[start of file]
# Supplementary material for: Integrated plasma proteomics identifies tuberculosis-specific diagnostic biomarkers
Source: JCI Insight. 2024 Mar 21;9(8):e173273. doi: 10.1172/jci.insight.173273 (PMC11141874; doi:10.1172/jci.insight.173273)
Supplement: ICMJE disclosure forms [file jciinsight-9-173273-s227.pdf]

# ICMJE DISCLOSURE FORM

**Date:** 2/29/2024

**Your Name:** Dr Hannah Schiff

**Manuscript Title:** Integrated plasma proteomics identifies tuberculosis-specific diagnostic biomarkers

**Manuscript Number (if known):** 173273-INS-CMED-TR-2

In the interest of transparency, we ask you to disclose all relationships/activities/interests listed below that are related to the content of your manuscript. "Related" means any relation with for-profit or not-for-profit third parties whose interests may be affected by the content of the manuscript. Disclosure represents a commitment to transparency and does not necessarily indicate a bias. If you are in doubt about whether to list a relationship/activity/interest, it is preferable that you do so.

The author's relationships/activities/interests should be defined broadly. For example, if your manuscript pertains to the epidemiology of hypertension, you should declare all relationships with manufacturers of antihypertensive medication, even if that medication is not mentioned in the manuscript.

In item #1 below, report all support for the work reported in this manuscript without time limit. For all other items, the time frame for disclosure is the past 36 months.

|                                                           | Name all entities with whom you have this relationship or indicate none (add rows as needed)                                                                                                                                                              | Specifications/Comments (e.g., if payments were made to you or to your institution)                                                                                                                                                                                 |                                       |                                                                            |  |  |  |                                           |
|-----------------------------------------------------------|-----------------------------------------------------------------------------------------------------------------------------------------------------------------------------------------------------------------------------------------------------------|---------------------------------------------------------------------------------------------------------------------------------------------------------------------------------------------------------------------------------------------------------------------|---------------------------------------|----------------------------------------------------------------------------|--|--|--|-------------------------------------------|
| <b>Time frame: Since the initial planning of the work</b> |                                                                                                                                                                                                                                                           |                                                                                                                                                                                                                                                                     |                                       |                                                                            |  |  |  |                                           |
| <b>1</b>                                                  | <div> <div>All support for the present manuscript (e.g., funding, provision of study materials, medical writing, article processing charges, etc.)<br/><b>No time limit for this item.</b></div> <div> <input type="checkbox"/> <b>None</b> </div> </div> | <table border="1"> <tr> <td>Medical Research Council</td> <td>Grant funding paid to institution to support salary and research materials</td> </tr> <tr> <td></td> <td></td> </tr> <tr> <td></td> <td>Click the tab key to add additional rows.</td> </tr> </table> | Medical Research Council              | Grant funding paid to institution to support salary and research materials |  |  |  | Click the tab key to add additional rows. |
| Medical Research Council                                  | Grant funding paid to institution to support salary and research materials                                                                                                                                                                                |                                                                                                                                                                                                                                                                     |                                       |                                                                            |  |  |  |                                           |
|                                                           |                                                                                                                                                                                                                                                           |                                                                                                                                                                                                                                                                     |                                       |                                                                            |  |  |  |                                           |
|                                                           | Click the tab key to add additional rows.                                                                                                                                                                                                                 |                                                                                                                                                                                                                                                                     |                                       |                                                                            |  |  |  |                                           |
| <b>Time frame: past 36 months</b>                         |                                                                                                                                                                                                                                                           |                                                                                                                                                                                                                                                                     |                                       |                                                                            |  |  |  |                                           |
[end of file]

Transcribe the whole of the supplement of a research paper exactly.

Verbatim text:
# Supplementary material for: Integrated plasma proteomics identifies tuberculosis-specific diagnostic biomarkers
Source: JCI Insight. 2024 Mar 21;9(8):e173273. doi: 10.1172/jci.insight.173273 (PMC11141874; doi:10.1172/jci.insight.173273)
Supplement: ICMJE disclosure forms [file jciinsight-9-173273-s227.pdf]

# ICMJE DISCLOSURE FORM

**Date:** 2/29/2024

**Your Name:** Dr Hannah Schiff

**Manuscript Title:** Integrated plasma proteomics identifies tuberculosis-specific diagnostic biomarkers

**Manuscript Number (if known):** 173273-INS-CMED-TR-2

In the interest of transparency, we ask you to disclose all relationships/activities/interests listed below that are related to the content of your manuscript. "Related" means any relation with for-profit or not-for-profit third parties whose interests may be affected by the content of the manuscript. Disclosure represents a commitment to transparency and does not necessarily indicate a bias. If you are in doubt about whether to list a relationship/activity/interest, it is preferable that you do so.

The author's relationships/activities/interests should be defined broadly. For example, if your manuscript pertains to the epidemiology of hypertension, you should declare all relationships with manufacturers of antihypertensive medication, even if that medication is not mentioned in the manuscript.

In item #1 below, report all support for the work reported in this manuscript without time limit. For all other items, the time frame for disclosure is the past 36 months.

|                                                           | Name all entities with whom you have this relationship or indicate none (add rows as needed)                                                                                                                                                              | Specifications/Comments (e.g., if payments were made to you or to your institution)                                                                                                                                                                                 |                                       |                                                                            |  |  |  |                                           |
|-----------------------------------------------------------|-----------------------------------------------------------------------------------------------------------------------------------------------------------------------------------------------------------------------------------------------------------|---------------------------------------------------------------------------------------------------------------------------------------------------------------------------------------------------------------------------------------------------------------------|---------------------------------------|----------------------------------------------------------------------------|--|--|--|-------------------------------------------|
| <b>Time frame: Since the initial planning of the work</b> |                                                                                                                                                                                                                                                           |                                                                                                                                                                                                                                                                     |                                       |                                                                            |  |  |  |                                           |
| <b>1</b>                                                  | <div> <div>All support for the present manuscript (e.g., funding, provision of study materials, medical writing, article processing charges, etc.)<br/><b>No time limit for this item.</b></div> <div> <input type="checkbox"/> <b>None</b> </div> </div> | <table border="1"> <tr> <td>Medical Research Council</td> <td>Grant funding paid to institution to support salary and research materials</td> </tr> <tr> <td></td> <td></td> </tr> <tr> <td></td> <td>Click the tab key to add additional rows.</td> </tr> </table> | Medical Research Council              | Grant funding paid to institution to support salary and research materials |  |  |  | Click the tab key to add additional rows. |
| Medical Research Council                                  | Grant funding paid to institution to support salary and research materials                                                                                                                                                                                |                                                                                                                                                                                                                                                                     |                                       |                                                                            |  |  |  |                                           |
|                                                           |                                                                                                                                                                                                                                                           |                                                                                                                                                                                                                                                                     |                                       |                                                                            |  |  |  |                                           |
|                                                           | Click the tab key to add additional rows.                                                                                                                                                                                                                 |                                                                                                                                                                                                                                                                     |                                       |                                                                            |  |  |  |                                           |
| <b>Time frame: past 36 months</b>                         |                                                                                                                                                                                                                                                           |                                                                                                                                                                                                                                                                     |                                       |                                                                            |  |  |  |                                           |